|Formal Methods for Functional Safety and Security in Cyber-Physical Systems|
|I.D. #||C1876||Duration||3 Days|
| Cybersecurity is a critical concern in the development of modern vehicle systems and is becoming increasingly important as demonstrated by recent vulnerabilities in the field. With the increasing integration of communications interfaces, such as through vehicle-to-smartphone infotainment systems, vehicle-to-vehicle (V2V) / vehicle-to-infrastructure (V2I)/etc. (V2X), controller area network (CAN) dongles, and others, the attack surfaces for modern vehicles have grown substantially. Formal methods provide the capability to specify, model, verify, and integrate into modern embedded systems and CPS design flows for enhancing functional safety and security. The past few years have led to substantial advancements in automated and semi-automated analysis methods, with recent successes such as the seL4 formally verified microkernel, the CompCert formally verified optimizing C compiler, and secure vehicles and drones emerging from DARPA┐s High-Assurance Cyber Military Systems (HACMS) program.
This course is designed to provide students with an introduction to formal methods as a framework for the specification, design, and verification of software-intensive embedded systems, with foci around provable functional safety and security targeted at cyber-physical systems (CPS). Formal methods topics include formal system specifications, automata theory, model checking, and automated/interactive theorem proving. Examples are driven by control systems and software systems from the automotive domain.
Students must bring their own laptop computers which should have Matlab, Advisor & Simulink installed.
| By attending this seminar, you will be able to:
|Who Should Attend|
Embedded software engineers, software testers, or engineers who have had at least a year of software or embedded systems design experience, are responsible for embedded systems and/or system architecture, and want to learn how formal methods can enhance functional safety in cyber-physical systems would benefit from attending. Familiarity with mathematics at the level of an undergraduate degree in engineering, computer science, or relevant experience in software design, implementation, and testing in software.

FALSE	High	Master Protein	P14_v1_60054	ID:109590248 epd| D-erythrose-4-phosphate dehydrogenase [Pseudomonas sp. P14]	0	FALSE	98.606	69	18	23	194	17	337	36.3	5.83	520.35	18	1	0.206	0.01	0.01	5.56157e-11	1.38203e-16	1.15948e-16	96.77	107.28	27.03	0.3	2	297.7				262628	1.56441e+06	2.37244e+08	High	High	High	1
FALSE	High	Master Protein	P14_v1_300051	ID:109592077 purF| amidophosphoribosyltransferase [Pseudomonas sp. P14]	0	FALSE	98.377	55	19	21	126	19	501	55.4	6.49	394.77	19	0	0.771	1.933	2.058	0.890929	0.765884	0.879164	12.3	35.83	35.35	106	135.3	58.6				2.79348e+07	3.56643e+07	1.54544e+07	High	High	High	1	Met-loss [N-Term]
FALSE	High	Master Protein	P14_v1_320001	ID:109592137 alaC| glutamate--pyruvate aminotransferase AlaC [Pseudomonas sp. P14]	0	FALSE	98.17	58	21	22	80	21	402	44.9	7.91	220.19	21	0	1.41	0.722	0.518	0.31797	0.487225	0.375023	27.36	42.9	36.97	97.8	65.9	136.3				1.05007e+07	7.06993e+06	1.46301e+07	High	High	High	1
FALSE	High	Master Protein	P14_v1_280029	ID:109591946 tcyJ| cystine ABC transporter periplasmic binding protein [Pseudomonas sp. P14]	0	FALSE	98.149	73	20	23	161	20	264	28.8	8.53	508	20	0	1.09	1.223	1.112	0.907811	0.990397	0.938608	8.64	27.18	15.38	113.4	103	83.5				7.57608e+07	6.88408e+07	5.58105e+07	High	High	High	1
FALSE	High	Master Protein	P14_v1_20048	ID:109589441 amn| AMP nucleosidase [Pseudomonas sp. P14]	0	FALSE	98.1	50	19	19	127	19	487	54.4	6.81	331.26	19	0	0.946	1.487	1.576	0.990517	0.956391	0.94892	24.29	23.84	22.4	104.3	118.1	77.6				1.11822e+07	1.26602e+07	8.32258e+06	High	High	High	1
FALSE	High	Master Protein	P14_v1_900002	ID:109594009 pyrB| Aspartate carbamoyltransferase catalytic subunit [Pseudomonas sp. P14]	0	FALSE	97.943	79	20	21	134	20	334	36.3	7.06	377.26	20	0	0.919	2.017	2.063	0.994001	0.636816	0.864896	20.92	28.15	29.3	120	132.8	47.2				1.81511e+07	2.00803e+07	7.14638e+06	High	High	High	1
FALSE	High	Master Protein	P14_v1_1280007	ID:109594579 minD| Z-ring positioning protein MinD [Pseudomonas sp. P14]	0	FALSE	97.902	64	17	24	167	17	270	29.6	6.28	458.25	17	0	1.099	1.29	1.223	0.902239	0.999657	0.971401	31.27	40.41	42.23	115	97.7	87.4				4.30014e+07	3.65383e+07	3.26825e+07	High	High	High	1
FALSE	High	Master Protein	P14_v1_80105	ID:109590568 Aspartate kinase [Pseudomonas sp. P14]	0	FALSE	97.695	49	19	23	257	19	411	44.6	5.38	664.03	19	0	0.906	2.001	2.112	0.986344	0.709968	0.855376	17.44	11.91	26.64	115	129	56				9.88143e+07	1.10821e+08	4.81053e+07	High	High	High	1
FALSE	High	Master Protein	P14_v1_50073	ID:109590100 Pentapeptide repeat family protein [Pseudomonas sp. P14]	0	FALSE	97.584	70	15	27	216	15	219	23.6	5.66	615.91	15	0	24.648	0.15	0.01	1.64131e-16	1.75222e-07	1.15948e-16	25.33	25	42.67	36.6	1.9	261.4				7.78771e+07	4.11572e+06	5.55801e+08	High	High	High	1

Course attendees should have an undergraduate
degree in engineering, computer science, or related fields to have at least one
year of experience working in industry in software-related areas of embedded systems,
CPS design and engineering, or relevant experience in
software design, implementation, and testing. No prior
knowledge in formal methods or formal verification is necessary.
Note: See related course, Introduction to the Secure Microkernel, seL4, for more in-depth training.
| DAY ONE
Module 1 - Formal Specifications and Models
This module will introduce students to formal specifications and formal models, and their use in embedded systems design and verification. The module starts with a review and introduction of background concepts that provide the mathematical foundation of formal specifications followed by formal models and semantics. Next, we focus on how to translate requirements to formal specifications and an introduction to languages (such as temporal logic) to express these specifications. The module closes with an application of formal specifications and formal models for verification as a lead in to learning modules II and III. The module will rely on use cases and examples from relevant automotive case studies.